Tehran, Iran, Jun. 16
By Milad Fashtami - Trend:
Iranian Deputy Foreign Minister for Arab and African Affairs Hossein Amir-Abdollahian said on June 16 that his country has not held any talks with the United States over the situation in Iraq.
"There is no need to hold any such talks as well," Amir-Abdollahian said, Iran's ISNA News Agency reported.
"Iraqi nation and the country's army are fully capable of handling the crisis," he explained.
He went no to note that Iran is facing no threat along its western borders. However, he added that the country has takes the necessary measures to act against any such threat.
A top American senator, Lindsey Graham, on June 15 called on the US administration to seek Iran's help to prevent what he sees as a possible collapse of the Iraqi government.
He also said that Washington will need Iran's involvement to help maintain the Iraqi government from takeover by al-Qaeda-inspired militants.
Tehran has voiced its opposition to any foreign intervention in the Iraqi affairs.
Iranian Foreign Ministry Spokeswoman Marzieh Afkham said on Saturday that any measure complicating the situation in Iraq will neither benefit the country nor the region.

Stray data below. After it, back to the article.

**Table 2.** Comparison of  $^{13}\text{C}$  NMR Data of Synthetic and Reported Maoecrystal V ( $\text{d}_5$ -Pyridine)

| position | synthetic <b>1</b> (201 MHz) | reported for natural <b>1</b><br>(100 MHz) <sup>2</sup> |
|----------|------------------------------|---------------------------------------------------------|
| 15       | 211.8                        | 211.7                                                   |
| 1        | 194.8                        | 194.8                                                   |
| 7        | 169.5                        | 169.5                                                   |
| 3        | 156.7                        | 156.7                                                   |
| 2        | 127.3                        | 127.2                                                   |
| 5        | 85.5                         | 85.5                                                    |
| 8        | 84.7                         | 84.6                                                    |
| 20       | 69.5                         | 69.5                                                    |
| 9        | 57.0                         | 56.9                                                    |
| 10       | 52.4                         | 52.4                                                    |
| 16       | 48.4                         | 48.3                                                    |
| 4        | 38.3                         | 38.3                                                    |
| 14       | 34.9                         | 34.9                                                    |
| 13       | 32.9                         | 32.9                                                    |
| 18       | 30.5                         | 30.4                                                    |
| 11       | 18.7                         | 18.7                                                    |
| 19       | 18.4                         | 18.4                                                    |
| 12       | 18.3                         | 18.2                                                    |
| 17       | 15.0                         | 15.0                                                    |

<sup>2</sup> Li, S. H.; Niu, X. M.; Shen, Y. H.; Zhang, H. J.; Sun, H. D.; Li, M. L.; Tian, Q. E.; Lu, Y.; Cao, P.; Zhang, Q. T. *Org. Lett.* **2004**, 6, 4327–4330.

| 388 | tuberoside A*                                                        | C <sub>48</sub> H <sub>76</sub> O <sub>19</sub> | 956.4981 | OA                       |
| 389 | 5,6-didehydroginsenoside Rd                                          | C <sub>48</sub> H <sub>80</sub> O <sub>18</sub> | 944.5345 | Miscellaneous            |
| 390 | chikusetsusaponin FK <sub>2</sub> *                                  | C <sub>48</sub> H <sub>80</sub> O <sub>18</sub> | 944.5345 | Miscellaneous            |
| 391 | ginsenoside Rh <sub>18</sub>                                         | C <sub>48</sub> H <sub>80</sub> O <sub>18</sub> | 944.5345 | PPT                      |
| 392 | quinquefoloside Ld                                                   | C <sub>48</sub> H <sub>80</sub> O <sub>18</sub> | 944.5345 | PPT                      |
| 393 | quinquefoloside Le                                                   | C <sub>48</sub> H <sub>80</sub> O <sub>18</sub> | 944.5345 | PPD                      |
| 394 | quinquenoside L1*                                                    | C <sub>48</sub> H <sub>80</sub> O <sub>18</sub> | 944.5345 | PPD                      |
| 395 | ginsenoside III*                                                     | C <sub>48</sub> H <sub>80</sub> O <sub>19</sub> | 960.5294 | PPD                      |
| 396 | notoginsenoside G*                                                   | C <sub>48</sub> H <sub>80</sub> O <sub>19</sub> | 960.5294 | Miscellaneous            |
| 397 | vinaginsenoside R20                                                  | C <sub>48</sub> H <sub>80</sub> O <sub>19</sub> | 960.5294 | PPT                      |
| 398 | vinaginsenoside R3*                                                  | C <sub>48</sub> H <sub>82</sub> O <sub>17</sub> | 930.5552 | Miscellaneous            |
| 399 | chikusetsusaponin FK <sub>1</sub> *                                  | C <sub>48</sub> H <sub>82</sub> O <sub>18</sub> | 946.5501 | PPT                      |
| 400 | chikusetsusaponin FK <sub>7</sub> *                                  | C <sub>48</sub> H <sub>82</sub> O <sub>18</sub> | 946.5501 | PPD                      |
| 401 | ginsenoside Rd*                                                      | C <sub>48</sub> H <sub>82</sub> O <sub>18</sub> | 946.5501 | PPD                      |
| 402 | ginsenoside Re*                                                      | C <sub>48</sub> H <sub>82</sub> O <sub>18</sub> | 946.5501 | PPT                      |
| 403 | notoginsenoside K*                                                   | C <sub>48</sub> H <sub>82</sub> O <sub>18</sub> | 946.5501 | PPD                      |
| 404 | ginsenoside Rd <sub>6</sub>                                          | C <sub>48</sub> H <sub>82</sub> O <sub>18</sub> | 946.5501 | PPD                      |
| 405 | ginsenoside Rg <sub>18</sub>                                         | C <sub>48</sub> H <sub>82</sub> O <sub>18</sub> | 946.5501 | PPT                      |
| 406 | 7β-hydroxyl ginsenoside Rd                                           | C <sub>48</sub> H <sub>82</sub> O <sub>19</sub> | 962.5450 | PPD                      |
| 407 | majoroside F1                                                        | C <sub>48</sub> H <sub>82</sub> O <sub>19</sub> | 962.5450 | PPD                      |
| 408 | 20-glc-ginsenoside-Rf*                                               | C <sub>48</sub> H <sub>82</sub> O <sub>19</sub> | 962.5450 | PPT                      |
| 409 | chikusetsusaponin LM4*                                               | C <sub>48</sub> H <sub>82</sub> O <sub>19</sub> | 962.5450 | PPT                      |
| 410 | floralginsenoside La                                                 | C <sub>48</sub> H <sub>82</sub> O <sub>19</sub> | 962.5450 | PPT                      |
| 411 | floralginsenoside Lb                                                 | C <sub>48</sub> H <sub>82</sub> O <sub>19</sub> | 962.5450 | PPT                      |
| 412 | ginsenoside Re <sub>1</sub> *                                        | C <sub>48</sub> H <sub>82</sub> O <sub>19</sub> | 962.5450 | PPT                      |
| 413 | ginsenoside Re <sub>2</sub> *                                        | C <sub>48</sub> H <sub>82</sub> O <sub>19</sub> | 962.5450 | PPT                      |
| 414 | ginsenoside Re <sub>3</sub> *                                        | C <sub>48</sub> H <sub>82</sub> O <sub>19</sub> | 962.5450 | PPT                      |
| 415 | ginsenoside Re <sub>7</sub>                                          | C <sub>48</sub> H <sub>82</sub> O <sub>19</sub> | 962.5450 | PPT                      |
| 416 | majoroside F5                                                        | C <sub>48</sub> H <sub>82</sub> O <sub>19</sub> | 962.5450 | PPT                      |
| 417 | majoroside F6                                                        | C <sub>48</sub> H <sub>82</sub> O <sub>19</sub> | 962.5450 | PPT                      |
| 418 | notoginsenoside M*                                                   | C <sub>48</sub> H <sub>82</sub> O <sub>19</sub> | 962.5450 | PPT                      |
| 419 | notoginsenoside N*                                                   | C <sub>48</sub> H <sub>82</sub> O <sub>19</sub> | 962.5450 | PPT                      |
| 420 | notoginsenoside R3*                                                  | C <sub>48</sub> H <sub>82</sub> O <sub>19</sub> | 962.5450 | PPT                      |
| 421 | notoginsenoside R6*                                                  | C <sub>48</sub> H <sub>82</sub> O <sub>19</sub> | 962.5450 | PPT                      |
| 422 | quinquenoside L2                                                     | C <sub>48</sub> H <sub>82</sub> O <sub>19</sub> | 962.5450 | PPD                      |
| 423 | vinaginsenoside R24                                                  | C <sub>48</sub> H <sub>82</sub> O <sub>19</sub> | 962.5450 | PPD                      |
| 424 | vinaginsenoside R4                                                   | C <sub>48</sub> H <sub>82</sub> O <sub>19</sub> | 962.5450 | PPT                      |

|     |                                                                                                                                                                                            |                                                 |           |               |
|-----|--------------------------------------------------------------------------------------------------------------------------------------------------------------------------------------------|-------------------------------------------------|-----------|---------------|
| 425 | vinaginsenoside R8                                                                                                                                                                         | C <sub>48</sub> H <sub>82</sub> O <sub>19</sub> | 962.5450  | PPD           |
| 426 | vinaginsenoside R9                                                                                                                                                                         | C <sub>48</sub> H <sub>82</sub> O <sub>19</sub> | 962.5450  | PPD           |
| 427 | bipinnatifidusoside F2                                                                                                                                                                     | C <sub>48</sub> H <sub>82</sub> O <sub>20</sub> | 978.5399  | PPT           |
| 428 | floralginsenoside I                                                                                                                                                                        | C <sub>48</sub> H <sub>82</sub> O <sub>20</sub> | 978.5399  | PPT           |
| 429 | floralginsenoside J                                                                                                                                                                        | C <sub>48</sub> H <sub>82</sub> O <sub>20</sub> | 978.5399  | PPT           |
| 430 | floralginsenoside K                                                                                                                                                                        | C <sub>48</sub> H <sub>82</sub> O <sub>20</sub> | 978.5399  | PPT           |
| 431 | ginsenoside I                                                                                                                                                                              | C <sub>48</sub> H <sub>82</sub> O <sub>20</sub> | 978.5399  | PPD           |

The Islamic State of Iraq and the Levant (ISIL) terrorist group captured two provincial capitals last week, namely Tikrit in the Salahuddin Province, and Mosul, Iraq's second largest city, in the northern province of Nineveh, Press TV reported.
Over the past days, Iraqi armed forces have been engaged in fierce clashes with the extremist terrorists, who have threatened to take their acts of violence to other Iraqi cities, including the capital. Hundreds of Iraqi volunteers have rushed to army recruitment centers to join the fight against terrorism.
Iraqi Prime Minister Nouri al-Maliki said on June 10 that his country was involved in a "war against terrorism," stressing that Baghdad "will never permit Mosul and Nineveh to remain under the shadow of terror and the terrorists."